If you can’t change your work situation, then improve your diet and get plenty of rest. Change how you think about your job situation. Focus on the positive: You do have a job, you do eat regular meals. (Much of the world doesn’t). Just do the best you can and think of the things you can’t control in positive terms. To quote the great teacher and spiritual advisor, Yogi Babaganoush, “Chill out man.” Think to yourself, “What could be good about this situation?” Then take a minute to really look for positive answers.
Hanging on to anxiety over past situations is stressful. Thought has power. Worry gives you all of the physiologic responses of Selye’s rats or the caveman facing the wild animal. It’s a waste of energy and it undermines your health.
Your adrenal glands simply don’t know the difference between imagined danger and real danger. (As I say in my book, my real or imagined fear. To me it was all the same). Think about it; if you hear a noise at night and think it’s the wind, you can go back to sleep. If you think it’s an intruder you can’t get back to sleep even after you get up to investigate. The thought of facing an intruder made the adrenal glands start producing their hormones.
Meditation and biofeedback have been of such value in controlling stress. They don’t help with the situation, just how you perceive it and your body’s response to the stress. Doctors are beginning to find that laughter helps the prognosis of cancer patients.
Minimizing chemical stress is also important. We have plenty of chemical stress today. Environmental pollution, food additives, sugar, alcohol, and caffeine contribute stress to your adrenal glands. You must remove chemical stresses from your diet—effortlessly and without putting yourself under pressure. Gradually improve your diet by removing chemical additives. Move toward a more organic way of eating. Enjoy the change without fretting over how your diet isn’t perfect yet.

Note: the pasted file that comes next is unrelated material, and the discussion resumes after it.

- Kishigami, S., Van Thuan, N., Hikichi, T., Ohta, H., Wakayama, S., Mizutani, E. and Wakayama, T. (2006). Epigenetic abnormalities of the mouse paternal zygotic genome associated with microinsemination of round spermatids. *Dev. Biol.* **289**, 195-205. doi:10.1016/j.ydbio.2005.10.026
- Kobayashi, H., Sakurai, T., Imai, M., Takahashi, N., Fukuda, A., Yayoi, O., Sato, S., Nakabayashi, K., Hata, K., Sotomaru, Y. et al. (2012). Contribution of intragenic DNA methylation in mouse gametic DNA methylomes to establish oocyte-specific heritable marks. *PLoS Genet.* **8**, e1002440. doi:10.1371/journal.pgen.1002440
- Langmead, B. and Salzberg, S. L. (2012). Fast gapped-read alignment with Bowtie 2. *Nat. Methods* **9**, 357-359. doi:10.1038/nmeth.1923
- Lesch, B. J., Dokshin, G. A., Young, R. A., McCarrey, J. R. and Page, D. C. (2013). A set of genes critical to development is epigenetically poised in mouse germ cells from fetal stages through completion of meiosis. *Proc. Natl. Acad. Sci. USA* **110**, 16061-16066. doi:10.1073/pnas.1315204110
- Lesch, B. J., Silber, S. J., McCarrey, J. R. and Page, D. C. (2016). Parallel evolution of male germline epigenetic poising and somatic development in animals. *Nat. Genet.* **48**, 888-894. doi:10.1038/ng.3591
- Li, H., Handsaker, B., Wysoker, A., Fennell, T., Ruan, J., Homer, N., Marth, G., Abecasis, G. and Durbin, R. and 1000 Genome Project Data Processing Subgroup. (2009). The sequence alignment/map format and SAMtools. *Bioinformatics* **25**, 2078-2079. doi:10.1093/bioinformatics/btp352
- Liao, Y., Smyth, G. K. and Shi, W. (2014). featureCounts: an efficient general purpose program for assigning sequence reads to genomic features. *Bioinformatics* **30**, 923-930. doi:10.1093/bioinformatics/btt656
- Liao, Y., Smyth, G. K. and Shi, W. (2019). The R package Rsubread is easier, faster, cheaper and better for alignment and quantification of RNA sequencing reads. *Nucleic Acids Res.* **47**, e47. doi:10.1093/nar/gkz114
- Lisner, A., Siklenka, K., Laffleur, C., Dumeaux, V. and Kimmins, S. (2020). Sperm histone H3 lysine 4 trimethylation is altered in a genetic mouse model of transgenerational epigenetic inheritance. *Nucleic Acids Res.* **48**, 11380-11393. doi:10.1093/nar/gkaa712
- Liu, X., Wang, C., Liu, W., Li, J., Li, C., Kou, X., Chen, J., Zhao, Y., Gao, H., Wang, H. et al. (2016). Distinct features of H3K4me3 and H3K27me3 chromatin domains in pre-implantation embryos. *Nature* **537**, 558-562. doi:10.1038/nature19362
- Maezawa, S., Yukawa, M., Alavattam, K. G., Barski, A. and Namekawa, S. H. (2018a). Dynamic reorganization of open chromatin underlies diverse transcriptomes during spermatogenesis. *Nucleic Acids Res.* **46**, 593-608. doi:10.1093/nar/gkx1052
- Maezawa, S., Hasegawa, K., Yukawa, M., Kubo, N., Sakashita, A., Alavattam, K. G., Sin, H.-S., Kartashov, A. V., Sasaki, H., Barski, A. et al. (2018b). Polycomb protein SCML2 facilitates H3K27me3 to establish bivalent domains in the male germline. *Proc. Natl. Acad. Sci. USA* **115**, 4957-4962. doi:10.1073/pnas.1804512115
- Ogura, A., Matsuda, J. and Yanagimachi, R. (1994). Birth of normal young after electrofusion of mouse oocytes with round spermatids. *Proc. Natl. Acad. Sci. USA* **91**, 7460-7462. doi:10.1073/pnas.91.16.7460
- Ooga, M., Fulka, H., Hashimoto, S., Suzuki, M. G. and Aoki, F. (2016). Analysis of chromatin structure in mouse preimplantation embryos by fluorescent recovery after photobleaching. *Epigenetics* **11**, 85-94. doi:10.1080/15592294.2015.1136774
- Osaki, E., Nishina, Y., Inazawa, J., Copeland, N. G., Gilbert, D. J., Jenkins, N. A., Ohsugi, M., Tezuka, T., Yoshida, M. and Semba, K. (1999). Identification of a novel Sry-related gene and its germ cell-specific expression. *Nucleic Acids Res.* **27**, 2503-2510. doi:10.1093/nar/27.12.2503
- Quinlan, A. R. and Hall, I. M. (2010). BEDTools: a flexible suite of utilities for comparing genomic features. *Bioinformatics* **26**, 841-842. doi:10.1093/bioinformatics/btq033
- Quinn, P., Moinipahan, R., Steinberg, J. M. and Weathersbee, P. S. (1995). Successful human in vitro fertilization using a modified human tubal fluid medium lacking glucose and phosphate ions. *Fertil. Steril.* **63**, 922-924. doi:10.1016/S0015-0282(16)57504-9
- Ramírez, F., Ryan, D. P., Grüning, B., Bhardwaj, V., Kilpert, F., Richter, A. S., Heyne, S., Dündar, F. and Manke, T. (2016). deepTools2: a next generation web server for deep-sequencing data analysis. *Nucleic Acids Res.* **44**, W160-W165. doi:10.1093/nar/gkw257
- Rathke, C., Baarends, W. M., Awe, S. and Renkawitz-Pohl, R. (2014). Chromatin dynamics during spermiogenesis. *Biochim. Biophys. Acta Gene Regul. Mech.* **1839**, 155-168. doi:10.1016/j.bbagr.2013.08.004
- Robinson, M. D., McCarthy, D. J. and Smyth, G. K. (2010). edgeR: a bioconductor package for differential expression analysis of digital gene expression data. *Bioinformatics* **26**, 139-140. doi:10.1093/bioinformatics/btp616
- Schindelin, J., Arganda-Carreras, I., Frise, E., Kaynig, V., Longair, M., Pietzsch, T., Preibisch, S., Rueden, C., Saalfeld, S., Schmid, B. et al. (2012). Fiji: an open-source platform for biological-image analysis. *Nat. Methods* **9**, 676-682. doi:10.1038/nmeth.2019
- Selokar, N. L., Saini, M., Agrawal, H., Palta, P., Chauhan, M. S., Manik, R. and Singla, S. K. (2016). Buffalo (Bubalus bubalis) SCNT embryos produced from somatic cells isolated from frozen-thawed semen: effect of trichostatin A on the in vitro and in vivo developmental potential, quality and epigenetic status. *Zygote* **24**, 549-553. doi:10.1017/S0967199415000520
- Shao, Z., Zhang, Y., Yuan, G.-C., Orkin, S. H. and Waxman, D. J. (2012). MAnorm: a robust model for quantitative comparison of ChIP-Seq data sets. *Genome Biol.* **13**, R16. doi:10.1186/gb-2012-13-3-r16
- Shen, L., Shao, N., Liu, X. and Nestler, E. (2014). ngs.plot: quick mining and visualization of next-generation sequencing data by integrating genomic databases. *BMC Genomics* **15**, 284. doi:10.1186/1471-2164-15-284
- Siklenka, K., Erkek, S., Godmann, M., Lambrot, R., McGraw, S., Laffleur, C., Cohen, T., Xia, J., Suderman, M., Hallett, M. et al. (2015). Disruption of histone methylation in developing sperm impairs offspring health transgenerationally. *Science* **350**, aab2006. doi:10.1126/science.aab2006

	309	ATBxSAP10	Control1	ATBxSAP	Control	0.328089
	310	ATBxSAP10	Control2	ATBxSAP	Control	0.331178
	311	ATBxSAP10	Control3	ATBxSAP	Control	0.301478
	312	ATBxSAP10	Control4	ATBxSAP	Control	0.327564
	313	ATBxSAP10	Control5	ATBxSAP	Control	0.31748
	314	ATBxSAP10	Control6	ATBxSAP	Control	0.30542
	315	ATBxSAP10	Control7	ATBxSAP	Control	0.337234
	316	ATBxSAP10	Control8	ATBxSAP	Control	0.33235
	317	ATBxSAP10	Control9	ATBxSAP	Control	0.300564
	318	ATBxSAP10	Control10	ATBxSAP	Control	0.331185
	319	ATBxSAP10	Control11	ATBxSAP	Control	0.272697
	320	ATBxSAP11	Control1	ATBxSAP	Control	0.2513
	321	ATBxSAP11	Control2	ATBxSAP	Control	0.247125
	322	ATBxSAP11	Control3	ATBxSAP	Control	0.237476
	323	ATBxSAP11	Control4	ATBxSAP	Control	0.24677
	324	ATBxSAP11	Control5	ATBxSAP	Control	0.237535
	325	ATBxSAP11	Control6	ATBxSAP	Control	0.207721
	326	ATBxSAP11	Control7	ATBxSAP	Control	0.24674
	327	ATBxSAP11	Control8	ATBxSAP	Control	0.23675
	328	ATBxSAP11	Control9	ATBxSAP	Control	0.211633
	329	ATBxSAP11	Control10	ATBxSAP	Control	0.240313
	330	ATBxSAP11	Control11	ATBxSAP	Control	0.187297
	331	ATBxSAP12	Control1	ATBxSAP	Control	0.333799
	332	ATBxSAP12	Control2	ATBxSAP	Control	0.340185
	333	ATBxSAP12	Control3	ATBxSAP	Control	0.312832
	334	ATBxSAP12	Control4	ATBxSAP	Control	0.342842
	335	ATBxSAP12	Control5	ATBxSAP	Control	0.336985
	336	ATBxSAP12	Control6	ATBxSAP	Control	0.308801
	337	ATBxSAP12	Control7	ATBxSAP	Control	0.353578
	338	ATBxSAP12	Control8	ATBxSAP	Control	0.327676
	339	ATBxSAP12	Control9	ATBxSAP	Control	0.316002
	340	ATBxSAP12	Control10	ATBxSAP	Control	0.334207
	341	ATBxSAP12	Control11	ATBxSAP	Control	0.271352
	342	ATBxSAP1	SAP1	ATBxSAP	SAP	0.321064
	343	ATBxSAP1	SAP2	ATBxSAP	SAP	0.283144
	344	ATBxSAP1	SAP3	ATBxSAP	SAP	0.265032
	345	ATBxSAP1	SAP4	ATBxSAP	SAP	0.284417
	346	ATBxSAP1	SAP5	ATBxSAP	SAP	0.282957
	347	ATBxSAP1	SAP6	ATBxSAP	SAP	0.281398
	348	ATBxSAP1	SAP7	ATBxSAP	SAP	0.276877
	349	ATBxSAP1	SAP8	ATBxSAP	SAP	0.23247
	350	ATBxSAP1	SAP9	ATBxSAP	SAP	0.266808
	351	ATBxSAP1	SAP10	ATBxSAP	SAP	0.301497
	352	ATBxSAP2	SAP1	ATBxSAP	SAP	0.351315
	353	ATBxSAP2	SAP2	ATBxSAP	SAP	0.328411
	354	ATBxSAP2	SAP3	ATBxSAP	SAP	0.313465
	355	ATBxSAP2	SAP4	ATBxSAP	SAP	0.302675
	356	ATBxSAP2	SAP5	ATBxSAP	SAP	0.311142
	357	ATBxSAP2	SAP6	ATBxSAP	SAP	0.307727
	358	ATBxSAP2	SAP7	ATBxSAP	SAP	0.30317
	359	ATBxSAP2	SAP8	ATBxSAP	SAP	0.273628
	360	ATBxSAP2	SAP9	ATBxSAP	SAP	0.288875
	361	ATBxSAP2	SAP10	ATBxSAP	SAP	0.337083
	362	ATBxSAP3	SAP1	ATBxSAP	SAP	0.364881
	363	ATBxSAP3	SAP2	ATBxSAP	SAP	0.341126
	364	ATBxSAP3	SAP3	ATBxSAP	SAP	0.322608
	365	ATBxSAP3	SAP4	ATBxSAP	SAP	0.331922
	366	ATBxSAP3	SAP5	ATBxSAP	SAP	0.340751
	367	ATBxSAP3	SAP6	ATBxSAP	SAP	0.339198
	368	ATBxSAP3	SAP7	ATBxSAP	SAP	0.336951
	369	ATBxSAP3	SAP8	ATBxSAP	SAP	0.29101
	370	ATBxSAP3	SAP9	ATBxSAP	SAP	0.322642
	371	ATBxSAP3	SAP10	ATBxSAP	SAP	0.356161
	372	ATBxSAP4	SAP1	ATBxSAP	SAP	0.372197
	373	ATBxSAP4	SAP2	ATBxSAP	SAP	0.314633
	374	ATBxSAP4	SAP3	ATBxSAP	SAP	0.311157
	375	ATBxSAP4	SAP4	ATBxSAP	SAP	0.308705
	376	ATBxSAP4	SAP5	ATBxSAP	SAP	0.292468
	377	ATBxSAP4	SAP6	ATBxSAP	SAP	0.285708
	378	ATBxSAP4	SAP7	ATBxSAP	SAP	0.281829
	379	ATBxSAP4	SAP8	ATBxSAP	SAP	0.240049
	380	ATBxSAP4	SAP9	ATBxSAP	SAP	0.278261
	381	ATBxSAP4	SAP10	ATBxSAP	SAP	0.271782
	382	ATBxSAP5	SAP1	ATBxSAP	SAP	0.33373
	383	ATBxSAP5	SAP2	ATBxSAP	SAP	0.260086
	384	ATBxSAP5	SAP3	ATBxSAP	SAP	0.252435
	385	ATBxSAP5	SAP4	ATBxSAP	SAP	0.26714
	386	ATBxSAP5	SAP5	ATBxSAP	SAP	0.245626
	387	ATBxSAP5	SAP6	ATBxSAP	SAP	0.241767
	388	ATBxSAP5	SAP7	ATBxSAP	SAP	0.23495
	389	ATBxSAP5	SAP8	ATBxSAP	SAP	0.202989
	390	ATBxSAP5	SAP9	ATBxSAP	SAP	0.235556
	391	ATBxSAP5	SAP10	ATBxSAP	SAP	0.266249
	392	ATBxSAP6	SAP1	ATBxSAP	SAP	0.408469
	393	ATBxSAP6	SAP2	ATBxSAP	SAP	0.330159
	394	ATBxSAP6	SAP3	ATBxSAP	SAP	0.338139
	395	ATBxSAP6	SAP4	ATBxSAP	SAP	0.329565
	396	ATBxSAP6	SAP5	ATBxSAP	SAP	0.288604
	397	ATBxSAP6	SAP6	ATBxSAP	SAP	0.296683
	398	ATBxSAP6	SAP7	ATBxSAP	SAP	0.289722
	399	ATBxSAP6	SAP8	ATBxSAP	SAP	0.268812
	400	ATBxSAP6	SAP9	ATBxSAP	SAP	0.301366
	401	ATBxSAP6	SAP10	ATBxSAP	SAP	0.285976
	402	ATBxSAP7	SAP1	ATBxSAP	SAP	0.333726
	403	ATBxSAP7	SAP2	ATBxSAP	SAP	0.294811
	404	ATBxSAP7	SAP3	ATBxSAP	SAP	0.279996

Ironically, stress often makes you crave the foods that are bad for you. While under stress, it is hard to be diligent in keeping additives and refined sugar out of the diet. Clients often complain that they have no time and can’t eat properly. Lack of time really isn’t the problem because raw nuts, fruits, and vegetables take no time to prepare. Lack of time is usually used as an excuse to give in to craving the wrong foods. Once you understand that, you can eat healthily with little effort.
Eating sugar and skipping meals are two things that are especially stressful to the adrenal glands, which work to maintain your blood sugar level. Eating sugar causes a temporary increase in blood sugar, which soon drops. Skipping meals also causes the blood sugar to drop. The adrenal glands then have to work to increase the blood sugar. Hypoadrenia and hypoglycemia (low blood sugar) usually exist together. Disclaimer: © 2014 Thornton Natural Healthcare Centre, LLC. All rights reserved.© 2014 Thornton Natural Healthcare Centre. All Rights Reserved. 205 South St., Stockton, MO 65785 | Phone: 417.276.6306.